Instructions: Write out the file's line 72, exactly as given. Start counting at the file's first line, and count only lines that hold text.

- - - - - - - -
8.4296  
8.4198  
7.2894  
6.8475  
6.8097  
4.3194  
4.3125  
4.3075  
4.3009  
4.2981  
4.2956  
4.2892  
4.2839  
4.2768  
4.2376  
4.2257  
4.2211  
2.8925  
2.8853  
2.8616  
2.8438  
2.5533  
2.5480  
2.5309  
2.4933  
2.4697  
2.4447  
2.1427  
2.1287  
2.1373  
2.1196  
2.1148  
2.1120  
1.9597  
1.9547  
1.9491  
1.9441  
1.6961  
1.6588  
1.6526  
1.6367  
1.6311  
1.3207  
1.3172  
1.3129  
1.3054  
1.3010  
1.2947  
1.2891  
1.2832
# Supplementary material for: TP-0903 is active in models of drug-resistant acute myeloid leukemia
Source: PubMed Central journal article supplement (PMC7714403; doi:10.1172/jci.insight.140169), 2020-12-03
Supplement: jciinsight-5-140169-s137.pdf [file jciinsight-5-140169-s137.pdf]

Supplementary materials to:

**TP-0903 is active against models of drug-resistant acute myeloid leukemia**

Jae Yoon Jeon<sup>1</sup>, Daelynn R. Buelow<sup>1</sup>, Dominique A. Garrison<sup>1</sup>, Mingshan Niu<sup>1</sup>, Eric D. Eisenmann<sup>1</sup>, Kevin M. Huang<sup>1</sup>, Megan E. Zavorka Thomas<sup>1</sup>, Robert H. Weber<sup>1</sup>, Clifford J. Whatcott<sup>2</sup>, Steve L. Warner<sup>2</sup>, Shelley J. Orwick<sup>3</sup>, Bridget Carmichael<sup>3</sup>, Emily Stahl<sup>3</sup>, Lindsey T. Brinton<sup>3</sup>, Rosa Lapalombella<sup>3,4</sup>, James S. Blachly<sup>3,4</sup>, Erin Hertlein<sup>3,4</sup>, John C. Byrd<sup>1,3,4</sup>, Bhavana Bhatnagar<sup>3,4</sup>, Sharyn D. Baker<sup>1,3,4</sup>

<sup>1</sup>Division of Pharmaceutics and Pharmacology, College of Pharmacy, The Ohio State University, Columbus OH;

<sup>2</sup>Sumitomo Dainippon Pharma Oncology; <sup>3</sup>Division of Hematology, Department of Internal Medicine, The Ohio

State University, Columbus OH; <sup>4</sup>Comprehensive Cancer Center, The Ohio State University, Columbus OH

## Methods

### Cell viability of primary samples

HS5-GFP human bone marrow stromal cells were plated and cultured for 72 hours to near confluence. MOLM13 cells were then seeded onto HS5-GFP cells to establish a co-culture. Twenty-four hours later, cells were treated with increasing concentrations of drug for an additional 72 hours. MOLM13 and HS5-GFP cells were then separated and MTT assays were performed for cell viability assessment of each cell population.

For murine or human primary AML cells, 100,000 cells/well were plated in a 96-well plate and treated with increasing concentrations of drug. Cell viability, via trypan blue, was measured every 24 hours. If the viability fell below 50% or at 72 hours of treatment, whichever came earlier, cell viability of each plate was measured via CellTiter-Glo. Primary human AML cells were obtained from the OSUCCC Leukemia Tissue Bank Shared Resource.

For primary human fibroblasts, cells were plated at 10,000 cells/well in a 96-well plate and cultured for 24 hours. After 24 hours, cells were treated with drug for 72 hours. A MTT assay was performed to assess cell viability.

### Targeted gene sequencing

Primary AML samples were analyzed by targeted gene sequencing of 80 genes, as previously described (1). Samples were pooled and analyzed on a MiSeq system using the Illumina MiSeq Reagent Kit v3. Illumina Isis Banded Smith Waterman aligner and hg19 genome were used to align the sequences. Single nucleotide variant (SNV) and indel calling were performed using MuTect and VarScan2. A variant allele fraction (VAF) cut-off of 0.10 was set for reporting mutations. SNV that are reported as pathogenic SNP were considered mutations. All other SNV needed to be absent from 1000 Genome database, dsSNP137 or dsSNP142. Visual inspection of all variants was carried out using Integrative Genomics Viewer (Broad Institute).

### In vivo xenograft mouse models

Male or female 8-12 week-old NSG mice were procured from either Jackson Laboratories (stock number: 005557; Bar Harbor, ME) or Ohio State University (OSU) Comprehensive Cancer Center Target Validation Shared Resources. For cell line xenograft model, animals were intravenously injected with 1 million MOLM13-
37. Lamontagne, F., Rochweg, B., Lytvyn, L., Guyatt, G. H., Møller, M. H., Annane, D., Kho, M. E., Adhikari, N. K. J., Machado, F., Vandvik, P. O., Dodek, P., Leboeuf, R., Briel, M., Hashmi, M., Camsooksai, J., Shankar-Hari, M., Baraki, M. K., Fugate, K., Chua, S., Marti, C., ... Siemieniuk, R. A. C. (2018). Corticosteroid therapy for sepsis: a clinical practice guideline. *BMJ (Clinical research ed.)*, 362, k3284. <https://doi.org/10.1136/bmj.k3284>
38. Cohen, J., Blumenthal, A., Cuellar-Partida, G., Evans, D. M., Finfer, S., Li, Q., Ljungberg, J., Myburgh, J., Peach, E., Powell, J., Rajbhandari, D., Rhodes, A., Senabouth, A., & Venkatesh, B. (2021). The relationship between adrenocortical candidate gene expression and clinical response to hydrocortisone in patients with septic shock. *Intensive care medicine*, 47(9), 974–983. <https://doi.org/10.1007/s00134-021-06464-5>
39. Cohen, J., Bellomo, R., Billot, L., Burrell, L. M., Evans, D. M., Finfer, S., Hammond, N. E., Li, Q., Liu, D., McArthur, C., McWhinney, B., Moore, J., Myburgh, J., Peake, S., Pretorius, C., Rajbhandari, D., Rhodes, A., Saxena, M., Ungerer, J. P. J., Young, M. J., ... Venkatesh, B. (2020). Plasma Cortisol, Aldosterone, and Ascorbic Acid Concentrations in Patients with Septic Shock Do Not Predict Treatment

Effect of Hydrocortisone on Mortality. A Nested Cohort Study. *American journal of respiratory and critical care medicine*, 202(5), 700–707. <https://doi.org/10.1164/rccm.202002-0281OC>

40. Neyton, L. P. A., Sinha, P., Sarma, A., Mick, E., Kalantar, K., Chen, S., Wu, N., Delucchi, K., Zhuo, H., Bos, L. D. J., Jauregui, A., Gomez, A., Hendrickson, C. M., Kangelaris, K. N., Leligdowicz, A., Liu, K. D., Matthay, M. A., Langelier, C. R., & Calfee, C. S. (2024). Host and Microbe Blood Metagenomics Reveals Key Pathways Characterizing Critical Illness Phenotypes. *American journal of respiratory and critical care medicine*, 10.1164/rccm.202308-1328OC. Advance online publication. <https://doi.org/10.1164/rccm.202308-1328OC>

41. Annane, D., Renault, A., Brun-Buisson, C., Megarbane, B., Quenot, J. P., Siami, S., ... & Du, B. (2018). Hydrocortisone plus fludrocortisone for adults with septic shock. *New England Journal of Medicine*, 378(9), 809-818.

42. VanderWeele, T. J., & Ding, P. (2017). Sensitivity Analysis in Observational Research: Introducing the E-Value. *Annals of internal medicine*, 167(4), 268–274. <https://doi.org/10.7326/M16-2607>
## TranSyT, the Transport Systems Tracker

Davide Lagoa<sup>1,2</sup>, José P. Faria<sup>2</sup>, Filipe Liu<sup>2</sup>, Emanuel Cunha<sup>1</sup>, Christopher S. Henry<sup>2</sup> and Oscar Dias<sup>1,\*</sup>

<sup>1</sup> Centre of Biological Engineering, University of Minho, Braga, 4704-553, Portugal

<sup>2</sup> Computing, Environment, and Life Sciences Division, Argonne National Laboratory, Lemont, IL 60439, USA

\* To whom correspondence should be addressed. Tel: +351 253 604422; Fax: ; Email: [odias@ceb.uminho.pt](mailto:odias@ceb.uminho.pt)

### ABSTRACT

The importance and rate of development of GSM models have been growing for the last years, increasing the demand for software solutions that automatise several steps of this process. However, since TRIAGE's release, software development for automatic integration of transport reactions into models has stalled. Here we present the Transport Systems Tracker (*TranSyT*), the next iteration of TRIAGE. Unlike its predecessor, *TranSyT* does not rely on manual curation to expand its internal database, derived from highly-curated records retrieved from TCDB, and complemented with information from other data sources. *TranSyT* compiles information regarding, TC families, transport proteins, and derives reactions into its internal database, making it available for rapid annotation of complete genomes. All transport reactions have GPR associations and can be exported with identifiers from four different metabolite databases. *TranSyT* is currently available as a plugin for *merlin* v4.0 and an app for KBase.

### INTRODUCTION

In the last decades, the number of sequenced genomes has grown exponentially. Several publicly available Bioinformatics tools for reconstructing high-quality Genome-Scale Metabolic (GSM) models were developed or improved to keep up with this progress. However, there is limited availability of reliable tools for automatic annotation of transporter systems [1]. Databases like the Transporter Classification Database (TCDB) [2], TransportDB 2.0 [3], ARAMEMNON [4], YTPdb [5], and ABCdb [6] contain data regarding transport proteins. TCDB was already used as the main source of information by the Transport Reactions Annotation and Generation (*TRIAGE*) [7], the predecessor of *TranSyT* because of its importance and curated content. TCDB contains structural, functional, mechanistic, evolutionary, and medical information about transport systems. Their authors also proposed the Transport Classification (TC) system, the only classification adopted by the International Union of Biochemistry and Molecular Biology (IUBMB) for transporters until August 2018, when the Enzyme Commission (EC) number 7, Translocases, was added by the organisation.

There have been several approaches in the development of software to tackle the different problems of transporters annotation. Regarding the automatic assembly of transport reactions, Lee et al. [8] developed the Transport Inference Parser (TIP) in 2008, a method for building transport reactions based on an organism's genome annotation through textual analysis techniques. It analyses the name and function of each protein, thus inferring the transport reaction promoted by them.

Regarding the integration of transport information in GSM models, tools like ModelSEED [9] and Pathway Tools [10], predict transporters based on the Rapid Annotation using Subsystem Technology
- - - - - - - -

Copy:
Effect of Hydrocortisone on Mortality. A Nested Cohort Study. *American journal of respiratory and critical care medicine*, 202(5), 700–707. <https://doi.org/10.1164/rccm.202002-0281OC>